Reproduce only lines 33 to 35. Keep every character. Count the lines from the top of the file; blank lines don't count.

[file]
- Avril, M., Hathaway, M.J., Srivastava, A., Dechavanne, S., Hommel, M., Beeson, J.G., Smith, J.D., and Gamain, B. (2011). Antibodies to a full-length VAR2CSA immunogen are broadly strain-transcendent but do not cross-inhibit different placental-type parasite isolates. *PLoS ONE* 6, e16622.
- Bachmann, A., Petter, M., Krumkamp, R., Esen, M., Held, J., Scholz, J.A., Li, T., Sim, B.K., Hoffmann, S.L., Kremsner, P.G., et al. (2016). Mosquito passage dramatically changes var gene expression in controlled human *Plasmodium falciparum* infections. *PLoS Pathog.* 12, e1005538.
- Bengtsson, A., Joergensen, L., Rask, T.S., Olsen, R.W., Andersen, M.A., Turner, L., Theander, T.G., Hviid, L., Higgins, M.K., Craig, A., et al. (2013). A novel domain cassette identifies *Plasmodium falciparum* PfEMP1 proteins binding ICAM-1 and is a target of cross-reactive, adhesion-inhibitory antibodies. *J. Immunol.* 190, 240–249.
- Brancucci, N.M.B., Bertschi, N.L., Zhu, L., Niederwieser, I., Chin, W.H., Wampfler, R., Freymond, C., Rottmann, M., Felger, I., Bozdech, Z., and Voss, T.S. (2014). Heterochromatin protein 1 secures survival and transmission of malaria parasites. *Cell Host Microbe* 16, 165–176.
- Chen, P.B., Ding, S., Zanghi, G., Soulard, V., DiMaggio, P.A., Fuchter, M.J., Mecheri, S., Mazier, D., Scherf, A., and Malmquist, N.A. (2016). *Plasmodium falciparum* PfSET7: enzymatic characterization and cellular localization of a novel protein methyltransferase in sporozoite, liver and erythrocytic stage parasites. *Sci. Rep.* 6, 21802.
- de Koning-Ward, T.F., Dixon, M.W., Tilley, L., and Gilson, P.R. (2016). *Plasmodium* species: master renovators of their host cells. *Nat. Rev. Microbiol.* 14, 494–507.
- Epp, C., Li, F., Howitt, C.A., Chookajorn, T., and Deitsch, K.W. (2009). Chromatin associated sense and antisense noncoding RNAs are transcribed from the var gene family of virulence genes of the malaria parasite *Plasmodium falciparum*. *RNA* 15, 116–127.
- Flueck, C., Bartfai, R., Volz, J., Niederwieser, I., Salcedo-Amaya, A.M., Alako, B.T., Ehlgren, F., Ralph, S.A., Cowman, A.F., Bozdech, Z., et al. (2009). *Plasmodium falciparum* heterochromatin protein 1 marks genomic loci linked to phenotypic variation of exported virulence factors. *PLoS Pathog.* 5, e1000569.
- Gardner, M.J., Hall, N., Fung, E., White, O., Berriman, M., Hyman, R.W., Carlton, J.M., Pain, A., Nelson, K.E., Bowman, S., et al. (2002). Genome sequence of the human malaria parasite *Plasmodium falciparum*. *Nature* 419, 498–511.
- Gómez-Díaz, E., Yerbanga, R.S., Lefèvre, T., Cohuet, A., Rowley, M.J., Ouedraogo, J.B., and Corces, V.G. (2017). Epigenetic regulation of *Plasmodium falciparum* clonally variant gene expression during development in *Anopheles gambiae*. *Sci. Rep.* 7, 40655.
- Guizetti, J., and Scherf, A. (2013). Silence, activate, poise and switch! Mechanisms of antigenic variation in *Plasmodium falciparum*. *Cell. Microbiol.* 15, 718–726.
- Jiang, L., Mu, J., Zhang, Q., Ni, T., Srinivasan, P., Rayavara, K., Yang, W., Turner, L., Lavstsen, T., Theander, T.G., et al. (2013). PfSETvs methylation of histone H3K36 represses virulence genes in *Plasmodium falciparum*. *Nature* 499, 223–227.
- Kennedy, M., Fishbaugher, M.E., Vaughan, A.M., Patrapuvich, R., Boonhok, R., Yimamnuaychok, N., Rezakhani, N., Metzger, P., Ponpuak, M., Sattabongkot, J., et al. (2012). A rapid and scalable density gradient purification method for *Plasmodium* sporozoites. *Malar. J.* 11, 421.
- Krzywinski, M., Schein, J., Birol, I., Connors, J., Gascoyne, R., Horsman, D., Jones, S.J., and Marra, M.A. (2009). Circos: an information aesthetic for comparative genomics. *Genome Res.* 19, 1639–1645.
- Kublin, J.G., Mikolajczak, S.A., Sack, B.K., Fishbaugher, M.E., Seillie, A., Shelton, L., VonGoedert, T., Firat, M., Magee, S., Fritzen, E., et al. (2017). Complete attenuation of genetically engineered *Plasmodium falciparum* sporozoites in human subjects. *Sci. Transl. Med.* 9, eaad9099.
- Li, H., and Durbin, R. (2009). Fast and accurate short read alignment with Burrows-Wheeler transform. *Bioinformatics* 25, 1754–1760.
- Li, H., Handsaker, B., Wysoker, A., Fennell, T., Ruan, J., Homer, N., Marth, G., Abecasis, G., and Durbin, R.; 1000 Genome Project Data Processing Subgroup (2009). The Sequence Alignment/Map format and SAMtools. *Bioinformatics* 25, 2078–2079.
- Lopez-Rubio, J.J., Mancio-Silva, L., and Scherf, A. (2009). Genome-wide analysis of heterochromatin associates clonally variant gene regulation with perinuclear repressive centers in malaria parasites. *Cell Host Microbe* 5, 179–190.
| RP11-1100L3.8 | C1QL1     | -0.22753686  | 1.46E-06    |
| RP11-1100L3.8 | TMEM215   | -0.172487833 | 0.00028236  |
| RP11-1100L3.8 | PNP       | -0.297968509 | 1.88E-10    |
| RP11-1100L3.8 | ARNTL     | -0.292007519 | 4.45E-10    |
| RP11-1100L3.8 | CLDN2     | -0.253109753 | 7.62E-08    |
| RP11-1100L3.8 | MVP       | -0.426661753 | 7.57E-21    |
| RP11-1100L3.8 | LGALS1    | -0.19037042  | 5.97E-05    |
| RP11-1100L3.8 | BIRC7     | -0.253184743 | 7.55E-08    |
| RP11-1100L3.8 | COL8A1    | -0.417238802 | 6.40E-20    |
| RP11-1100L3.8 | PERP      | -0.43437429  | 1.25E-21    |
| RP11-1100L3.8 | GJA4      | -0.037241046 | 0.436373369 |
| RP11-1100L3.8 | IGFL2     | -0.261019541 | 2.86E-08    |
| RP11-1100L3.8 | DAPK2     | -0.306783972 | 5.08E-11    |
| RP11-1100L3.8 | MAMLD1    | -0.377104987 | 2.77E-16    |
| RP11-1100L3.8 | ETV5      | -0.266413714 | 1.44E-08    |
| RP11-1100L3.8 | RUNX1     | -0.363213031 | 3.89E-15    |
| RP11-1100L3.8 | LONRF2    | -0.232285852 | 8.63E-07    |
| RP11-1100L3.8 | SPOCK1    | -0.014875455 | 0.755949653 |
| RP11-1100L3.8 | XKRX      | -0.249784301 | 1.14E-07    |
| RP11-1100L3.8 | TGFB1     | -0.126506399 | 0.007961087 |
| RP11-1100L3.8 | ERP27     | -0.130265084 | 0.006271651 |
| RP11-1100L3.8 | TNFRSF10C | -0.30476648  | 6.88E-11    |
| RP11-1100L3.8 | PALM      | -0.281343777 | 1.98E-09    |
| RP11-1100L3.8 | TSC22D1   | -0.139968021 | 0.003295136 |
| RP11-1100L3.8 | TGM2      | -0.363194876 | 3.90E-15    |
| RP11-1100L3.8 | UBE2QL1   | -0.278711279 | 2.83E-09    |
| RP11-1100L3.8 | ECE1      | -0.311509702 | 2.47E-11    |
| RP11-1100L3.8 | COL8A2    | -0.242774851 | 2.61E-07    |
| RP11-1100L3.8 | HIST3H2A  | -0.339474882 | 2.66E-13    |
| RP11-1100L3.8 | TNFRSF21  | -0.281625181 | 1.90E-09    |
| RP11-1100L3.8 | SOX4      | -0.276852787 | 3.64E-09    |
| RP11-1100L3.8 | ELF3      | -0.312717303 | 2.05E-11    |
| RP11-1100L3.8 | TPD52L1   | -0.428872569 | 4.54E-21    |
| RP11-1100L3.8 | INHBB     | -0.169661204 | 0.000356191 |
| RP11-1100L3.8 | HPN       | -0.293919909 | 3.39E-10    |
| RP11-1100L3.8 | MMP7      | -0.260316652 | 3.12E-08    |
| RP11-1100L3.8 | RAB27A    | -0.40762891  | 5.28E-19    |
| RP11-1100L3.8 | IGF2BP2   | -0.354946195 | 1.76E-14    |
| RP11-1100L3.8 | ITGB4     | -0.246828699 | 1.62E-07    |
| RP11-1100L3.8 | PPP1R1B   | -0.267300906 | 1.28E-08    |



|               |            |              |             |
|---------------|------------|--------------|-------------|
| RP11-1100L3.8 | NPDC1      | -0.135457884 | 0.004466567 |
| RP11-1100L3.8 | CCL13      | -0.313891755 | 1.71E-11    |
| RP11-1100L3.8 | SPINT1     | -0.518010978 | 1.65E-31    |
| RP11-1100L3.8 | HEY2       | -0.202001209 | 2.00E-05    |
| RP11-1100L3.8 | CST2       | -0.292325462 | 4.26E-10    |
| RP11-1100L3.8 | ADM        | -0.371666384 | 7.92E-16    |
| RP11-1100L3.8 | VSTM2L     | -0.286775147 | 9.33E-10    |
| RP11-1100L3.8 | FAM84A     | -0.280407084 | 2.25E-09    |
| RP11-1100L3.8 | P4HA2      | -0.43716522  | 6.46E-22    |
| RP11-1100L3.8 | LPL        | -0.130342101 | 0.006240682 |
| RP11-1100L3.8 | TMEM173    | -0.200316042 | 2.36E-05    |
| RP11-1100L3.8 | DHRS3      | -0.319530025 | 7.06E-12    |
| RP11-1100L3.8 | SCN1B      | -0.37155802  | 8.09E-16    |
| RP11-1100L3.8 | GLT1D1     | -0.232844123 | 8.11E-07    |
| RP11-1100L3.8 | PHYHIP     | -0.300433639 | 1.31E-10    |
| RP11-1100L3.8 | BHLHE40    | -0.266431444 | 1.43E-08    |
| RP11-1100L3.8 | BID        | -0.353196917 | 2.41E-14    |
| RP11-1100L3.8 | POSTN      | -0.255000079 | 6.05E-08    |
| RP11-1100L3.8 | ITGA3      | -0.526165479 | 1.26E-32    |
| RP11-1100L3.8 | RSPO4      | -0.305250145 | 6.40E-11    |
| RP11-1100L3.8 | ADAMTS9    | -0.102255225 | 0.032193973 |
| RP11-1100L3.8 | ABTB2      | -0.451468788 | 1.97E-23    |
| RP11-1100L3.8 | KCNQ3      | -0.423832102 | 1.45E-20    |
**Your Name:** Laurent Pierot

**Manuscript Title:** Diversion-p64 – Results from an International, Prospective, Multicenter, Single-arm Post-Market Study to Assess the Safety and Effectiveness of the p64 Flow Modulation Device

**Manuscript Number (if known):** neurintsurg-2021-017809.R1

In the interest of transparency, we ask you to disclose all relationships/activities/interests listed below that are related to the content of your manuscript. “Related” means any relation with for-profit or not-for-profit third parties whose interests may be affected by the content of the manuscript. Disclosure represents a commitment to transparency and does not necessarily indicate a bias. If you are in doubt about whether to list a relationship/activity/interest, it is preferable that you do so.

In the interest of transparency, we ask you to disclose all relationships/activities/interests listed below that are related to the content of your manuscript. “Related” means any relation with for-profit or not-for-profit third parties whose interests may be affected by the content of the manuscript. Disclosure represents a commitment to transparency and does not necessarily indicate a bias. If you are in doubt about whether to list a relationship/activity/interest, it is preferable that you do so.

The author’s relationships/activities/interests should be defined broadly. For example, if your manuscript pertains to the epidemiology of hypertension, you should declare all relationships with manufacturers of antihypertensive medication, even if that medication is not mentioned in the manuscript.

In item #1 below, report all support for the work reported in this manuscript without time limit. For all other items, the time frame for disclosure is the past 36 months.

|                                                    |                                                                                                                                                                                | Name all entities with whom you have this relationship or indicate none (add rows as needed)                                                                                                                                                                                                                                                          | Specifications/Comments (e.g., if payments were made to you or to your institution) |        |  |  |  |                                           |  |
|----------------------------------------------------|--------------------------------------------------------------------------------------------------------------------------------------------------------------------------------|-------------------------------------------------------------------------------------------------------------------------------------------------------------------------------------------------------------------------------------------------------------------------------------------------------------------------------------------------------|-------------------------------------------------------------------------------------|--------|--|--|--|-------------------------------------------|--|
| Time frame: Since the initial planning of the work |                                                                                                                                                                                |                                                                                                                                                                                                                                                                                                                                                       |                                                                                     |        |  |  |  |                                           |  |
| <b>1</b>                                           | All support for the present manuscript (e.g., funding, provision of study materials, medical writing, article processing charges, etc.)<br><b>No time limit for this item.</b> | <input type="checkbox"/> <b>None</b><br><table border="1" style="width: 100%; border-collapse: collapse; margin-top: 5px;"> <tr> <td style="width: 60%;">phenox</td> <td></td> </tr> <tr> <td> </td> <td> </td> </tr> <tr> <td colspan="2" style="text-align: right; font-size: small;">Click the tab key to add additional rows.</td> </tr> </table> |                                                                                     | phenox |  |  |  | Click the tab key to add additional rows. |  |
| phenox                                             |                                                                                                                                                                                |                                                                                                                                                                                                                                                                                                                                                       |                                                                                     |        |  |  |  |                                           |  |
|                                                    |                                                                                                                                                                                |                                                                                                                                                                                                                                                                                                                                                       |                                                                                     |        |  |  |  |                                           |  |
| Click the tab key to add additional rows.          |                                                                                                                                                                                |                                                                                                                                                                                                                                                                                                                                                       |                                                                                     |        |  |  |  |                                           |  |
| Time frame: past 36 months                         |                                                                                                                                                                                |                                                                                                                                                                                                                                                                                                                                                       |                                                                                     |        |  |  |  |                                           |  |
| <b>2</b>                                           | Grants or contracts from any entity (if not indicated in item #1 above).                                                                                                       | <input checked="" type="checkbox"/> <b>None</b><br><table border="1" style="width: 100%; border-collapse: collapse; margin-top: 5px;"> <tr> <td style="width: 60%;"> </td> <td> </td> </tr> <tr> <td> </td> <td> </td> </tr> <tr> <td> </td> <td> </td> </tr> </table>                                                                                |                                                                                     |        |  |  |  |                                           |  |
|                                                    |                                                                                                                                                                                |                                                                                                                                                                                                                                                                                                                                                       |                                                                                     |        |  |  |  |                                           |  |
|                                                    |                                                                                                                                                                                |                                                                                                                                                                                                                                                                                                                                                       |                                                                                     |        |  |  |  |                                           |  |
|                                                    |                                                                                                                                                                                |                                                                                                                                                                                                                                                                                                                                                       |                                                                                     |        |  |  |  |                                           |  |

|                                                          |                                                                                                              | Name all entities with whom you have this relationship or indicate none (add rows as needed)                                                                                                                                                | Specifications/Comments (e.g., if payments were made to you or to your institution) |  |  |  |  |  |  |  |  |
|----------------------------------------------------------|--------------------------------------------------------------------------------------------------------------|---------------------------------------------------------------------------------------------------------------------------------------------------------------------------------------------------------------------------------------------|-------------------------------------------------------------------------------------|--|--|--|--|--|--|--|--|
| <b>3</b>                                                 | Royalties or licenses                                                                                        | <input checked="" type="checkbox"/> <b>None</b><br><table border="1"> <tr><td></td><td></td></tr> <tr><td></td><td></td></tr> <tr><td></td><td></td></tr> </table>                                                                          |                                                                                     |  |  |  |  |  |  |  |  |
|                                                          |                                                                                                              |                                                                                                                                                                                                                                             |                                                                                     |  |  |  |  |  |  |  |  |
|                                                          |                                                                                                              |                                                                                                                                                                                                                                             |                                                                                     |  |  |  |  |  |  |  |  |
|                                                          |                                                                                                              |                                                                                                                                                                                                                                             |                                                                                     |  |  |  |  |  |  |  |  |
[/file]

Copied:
| RP11-1100L3.8 | ETV5      | -0.266413714 | 1.44E-08    |
| RP11-1100L3.8 | RUNX1     | -0.363213031 | 3.89E-15    |
| RP11-1100L3.8 | LONRF2    | -0.232285852 | 8.63E-07    |